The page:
...a sailing ship caught in a tree...
...the Silent Sect whose members never speak aloud...
...a fabulous necklace of "tangerine" diamonds and the long lost
treasure of King Charles I...
Cold Shoulder Road is another delightful romp set in
Joan Aiken's alternative England of a hundred years ago, first
introduced with The Wolves of Willoughby Chase in 1963. Now
the adventures of Simon Battersea and his friend Dido Twite have
passed to Dido's younger sister Is.
After some harrowing escapades in the north, Is Twite and her
cousin Arun arrive at Arun's home in Folkestone on Cold Shoulder
Road. The house is abandoned and Arun's mother has disappeared;
and when they ask questions, the people of Folkestone are afraid
to talk. The search is further confounded by Dominic de la Twite,
the sleazy, very talkative leader of the Silent Sect, and the
Merry Gentry, a vicious band of smugglers feared throughout the
surrounding countryside. The Merry Gentry seem to think Is and
Arun, or maybe Arun's mother, know something they shouldn't...
Cold Shoulder Road is chock full of deliciously wicked
plots, nefarious deeds, and good natured humor. Joan Aiken strikes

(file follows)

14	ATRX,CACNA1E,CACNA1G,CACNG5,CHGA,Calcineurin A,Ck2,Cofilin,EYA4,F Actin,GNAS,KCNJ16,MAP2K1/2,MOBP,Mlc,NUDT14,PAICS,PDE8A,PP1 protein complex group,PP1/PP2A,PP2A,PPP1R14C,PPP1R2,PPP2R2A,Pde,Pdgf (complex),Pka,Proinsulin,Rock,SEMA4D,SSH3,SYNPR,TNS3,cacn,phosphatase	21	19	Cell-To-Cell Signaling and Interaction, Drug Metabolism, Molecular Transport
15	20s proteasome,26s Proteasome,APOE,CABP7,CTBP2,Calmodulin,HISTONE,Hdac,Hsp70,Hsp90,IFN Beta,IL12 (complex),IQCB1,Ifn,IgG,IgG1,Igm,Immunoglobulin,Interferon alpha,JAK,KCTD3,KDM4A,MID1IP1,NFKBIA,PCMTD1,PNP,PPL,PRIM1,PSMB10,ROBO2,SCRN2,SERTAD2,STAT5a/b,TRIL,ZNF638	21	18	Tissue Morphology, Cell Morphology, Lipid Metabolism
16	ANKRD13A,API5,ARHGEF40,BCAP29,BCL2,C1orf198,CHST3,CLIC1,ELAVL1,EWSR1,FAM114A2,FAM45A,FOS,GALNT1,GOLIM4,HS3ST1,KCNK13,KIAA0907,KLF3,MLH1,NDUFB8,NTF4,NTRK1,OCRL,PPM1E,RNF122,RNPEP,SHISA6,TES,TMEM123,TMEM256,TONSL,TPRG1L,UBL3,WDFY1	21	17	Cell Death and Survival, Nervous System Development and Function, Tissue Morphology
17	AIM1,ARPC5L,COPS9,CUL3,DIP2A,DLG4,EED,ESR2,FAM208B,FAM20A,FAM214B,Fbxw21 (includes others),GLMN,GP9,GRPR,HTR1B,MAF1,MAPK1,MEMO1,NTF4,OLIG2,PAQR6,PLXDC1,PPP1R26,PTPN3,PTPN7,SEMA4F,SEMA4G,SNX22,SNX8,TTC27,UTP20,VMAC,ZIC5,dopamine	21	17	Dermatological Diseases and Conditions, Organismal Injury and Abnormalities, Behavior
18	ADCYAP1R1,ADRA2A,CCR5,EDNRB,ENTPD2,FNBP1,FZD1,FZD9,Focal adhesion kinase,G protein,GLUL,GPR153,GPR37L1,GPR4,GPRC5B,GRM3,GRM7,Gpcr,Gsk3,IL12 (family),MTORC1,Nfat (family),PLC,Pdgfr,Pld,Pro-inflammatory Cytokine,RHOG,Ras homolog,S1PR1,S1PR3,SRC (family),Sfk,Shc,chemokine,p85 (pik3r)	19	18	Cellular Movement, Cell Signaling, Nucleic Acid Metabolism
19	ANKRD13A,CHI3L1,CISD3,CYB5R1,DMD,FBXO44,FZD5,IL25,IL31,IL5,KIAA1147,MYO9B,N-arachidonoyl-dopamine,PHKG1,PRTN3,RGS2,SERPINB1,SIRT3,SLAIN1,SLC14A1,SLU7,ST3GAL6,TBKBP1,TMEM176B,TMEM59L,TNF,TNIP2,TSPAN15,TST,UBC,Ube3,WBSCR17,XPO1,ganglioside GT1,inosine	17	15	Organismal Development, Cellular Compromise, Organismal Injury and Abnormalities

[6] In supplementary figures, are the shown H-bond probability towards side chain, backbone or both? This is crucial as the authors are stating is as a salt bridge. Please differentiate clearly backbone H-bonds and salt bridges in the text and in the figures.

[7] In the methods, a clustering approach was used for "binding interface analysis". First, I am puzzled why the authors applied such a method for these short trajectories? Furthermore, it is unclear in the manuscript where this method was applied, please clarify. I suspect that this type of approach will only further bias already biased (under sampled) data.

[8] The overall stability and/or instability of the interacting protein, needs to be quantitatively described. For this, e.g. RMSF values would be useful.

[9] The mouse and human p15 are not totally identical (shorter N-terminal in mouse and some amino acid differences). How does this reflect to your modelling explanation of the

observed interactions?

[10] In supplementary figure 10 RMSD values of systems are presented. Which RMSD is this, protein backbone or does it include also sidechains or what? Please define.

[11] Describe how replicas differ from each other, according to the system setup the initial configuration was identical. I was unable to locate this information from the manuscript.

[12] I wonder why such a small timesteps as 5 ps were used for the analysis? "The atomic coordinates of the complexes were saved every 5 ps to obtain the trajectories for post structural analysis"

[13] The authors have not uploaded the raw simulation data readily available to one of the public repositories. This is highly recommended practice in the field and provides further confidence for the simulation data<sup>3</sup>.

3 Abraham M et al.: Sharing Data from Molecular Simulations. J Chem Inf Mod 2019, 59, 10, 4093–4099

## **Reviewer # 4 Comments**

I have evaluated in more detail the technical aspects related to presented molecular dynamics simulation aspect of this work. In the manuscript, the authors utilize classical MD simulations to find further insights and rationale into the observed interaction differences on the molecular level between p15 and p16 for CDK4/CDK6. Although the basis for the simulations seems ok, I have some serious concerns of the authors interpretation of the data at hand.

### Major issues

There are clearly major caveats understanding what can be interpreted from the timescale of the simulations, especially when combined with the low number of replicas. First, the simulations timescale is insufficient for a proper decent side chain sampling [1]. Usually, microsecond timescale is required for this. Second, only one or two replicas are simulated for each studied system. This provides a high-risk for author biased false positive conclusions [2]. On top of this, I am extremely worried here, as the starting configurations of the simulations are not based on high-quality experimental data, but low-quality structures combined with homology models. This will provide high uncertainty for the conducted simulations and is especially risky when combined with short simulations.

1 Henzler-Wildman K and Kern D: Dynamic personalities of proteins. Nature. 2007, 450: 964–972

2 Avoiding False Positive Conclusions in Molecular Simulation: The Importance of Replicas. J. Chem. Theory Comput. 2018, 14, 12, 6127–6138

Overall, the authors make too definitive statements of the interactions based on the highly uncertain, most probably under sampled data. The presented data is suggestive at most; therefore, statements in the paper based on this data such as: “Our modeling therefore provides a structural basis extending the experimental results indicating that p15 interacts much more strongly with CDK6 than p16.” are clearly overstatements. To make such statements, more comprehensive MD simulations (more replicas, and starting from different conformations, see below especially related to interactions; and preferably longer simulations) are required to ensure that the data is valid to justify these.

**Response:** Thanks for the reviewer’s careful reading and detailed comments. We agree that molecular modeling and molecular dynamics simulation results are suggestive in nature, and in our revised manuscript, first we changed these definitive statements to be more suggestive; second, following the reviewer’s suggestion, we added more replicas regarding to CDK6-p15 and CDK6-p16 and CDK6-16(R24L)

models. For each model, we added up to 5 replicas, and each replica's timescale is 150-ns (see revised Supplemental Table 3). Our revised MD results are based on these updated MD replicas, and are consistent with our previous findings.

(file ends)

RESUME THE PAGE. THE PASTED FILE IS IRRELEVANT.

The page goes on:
the perfect pace, the perfect tone for this evocative young adult
novel of an England that never was (as in, King James III followed
by King Richard IV and now by King Simon I). If at times there
seems to be little difference between Is and Dido, both are such
spunky characters that either is a treat. Definitely look forward
to the further adventures of both.
Other books about Is, Dido, and their friends:
The Wolves of Willoughby Chase. Doubleday, 1963
Blackhearts in Battersea. Doubleday, 1964 (Simon and Dido)
Nightbirds in Nantucket. Doubleday, 1966 (Dido)
The Whispering Mountin, Doubleday, 1968 (Owen)
The Stolen Lake. Delacorte, 1981 (Dido)
The Cuckoo Tree. Doubleday, 1971 (Dido)
Dido and Pa. Delacorte Press, 1986 (Simon and Dido)
Delacorte Press, 1992 (Is)
Cold Shoulder Road. Delacorte Press, 1996 (Is)
Dangerous Games. Delacorte Press, 1999 (Dido)
This review copyright 1996 by Wendy Morris
Information last updated February 21, 1999